NCAA allows college athletes to profit off name, image - experts explain what happens next

Call it a game changer for college sports

The NCAA's top governing board will allow student athletes to make money from the use of their name, likeness and image. It has 14 months to iron out the details.

"I think it could look pretty simple - very similar to what a pro athlete does, if they do endorsements for a product or if they sign autographs at a car dealership or somewhere, I think it could look very similar to that.

"I think companies will enjoy this."

Michael Dietz, president of Dietz Sports and Entertainment, says top college athletes could potentially earn tens of thousands of dollars a year. But the change is not without potential hurdles.

"It's just going to be very hard when a college coach comes to talk to a high school kid, and says 'If you come to my school, there are going to be endorsement deals and this and that, that add up to x amount of dollars," Dietz said. "And so there's going to have to be a lot of rules and probably no guarantees during recruiting."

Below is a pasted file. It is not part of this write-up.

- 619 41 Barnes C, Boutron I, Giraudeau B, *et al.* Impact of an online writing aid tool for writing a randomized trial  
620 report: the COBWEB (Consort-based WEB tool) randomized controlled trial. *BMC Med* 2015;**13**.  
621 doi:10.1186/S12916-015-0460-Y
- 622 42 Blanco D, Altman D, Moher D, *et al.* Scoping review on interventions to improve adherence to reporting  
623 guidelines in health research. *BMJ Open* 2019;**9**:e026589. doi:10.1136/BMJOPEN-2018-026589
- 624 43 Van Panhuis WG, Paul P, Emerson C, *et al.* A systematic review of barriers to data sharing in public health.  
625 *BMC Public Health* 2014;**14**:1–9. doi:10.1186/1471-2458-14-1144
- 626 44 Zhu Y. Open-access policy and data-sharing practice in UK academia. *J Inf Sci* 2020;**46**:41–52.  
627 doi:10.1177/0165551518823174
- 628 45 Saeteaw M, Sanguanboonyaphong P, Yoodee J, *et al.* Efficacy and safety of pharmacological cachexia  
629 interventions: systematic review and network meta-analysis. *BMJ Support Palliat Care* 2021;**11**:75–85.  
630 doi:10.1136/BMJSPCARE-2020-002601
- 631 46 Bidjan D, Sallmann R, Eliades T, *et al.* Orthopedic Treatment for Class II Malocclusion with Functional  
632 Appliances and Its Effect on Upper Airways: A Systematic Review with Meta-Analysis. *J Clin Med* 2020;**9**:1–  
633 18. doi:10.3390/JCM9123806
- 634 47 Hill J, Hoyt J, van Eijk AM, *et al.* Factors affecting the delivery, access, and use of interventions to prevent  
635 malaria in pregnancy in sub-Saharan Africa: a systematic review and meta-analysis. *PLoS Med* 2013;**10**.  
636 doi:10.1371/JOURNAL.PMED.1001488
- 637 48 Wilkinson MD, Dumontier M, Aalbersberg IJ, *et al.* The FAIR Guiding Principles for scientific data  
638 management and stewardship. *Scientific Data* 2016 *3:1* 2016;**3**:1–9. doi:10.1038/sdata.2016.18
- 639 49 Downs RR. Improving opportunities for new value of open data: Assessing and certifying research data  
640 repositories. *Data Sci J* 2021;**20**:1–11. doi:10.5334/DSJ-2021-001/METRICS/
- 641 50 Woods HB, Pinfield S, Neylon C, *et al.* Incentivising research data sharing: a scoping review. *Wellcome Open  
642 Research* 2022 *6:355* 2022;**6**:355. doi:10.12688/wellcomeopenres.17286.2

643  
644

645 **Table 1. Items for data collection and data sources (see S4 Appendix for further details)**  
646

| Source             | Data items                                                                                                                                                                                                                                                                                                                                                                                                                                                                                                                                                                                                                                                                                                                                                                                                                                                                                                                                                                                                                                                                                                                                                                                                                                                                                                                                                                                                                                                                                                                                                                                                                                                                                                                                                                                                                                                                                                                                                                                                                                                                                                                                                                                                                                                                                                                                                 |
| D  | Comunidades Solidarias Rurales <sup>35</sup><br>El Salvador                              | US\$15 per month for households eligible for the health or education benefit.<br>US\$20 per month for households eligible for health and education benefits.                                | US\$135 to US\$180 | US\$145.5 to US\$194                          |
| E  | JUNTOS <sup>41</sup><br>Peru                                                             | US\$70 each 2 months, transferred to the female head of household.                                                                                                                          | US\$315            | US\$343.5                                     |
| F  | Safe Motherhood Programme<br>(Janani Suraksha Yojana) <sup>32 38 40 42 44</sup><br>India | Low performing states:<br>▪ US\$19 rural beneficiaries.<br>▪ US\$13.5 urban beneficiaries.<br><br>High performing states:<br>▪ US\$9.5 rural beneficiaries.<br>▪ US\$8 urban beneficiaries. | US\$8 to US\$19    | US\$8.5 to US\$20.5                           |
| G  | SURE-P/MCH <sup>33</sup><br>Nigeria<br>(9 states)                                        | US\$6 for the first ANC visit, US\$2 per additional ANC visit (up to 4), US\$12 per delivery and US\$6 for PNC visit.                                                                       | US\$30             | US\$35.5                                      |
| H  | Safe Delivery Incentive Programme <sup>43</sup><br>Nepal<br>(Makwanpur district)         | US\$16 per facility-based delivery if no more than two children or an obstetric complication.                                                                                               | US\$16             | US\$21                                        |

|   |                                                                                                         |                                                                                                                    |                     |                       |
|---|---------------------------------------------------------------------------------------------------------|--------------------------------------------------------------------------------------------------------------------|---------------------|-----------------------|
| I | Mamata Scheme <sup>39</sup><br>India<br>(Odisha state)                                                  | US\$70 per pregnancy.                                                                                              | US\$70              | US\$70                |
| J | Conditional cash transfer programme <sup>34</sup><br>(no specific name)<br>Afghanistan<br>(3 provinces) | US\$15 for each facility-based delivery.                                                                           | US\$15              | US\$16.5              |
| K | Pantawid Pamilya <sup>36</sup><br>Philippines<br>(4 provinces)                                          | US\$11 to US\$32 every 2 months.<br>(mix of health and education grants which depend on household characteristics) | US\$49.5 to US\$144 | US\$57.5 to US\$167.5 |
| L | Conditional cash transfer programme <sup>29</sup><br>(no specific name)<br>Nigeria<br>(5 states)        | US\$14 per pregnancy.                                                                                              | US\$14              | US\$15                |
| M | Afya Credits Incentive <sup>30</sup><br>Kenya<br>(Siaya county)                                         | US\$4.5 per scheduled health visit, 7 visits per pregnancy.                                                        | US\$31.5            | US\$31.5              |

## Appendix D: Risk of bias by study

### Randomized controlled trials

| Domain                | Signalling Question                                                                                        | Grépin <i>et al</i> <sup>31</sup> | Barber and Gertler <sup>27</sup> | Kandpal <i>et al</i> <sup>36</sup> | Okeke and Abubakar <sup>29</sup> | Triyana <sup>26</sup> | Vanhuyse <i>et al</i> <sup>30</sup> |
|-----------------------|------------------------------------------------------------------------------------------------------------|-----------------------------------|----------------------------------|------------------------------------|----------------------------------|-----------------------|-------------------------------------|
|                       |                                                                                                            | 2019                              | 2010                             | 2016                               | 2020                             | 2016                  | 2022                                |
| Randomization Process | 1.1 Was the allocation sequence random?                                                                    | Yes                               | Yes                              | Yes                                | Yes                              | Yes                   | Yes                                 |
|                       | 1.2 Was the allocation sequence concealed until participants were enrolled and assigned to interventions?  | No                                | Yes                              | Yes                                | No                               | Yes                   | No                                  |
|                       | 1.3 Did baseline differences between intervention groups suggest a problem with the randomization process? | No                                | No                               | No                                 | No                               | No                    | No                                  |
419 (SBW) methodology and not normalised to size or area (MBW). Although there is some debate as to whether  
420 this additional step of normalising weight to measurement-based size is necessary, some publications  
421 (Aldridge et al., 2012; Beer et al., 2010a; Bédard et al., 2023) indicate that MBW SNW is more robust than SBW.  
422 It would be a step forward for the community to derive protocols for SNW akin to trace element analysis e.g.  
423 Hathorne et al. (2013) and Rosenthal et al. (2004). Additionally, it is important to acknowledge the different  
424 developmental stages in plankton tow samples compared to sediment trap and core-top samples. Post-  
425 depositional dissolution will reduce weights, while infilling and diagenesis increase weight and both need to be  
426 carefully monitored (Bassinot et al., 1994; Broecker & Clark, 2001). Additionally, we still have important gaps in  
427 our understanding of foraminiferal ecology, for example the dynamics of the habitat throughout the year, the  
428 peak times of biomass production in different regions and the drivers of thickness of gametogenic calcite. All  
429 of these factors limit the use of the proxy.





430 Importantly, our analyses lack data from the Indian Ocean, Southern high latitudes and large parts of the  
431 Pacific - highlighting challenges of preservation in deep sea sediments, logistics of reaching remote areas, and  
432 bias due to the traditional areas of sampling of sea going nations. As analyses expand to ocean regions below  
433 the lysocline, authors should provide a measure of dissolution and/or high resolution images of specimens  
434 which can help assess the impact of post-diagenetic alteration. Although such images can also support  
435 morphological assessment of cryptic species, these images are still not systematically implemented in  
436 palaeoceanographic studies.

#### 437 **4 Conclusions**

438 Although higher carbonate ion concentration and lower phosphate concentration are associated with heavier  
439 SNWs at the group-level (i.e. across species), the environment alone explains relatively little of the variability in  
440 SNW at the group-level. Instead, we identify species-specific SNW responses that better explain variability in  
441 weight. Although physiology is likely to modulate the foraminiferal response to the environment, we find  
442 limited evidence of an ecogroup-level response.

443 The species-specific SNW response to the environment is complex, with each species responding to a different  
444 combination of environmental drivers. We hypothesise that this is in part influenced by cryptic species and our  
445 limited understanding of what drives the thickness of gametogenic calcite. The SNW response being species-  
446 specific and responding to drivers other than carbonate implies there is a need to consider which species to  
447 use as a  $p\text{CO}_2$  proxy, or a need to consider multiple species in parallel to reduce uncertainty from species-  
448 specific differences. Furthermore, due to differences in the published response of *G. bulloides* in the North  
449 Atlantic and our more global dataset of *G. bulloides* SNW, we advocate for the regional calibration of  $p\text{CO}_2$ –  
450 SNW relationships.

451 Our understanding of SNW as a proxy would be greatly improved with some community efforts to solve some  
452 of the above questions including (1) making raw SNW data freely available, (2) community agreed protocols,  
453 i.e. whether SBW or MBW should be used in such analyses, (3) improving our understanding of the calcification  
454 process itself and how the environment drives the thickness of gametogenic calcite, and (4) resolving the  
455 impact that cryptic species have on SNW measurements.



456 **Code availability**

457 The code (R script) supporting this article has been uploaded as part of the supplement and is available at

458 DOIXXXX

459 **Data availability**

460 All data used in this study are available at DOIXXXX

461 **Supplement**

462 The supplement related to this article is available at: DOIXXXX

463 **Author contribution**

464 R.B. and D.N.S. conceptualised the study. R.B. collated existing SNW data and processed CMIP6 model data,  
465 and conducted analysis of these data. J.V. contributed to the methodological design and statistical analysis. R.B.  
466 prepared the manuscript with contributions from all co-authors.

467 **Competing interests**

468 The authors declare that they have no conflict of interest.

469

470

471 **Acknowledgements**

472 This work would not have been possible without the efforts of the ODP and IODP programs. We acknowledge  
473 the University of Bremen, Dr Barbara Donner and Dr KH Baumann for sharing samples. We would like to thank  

The NCAA's decision comes after California Gov. Gavin Newsome signed the fair pay to play act on LeBron James Uninterrupted show back in September. The new law allows college athletes to get paid for endorsement deals and hire sports agents. 

Former Detroit Lions guard and Ohio State standout Rob Sims weighed in.

"I think it's really good, we put a lot of stress on our student-athletes these days," Sims said. "If you were in college and you worked for the Financial Aid building, if that's a way for you to get paid, playing football is just as strenuous if not more."

"If they're making money for it - the NCAA - and those athletes are working their butts off to make this profit for the NCAA, then they should get part of it too," said Cameron Guiterrez, MSU fan.

FOX 2 talked with Michigan State University and University of Michigan students when the men's soccer teams squared off in Ann Arbor.

"I work closely with a lot of student-athletes, I know a lot of them are excited, a lot of them are kind of anxious about what's going to happen," said William Overland, U-M.

"The colleges are going to want to keep this on the amateur level," Dietz said. "They provide a lot for these kids, they give them their education, give them food and lodging, they actually give them a stipend nowadays. So they are getting a lot out of it. They are going to want to keep it at the amateur level."

California's Fair Play to Pay Act goes into effect in 2023. The NCAA looks to have its rules set by January of 2021.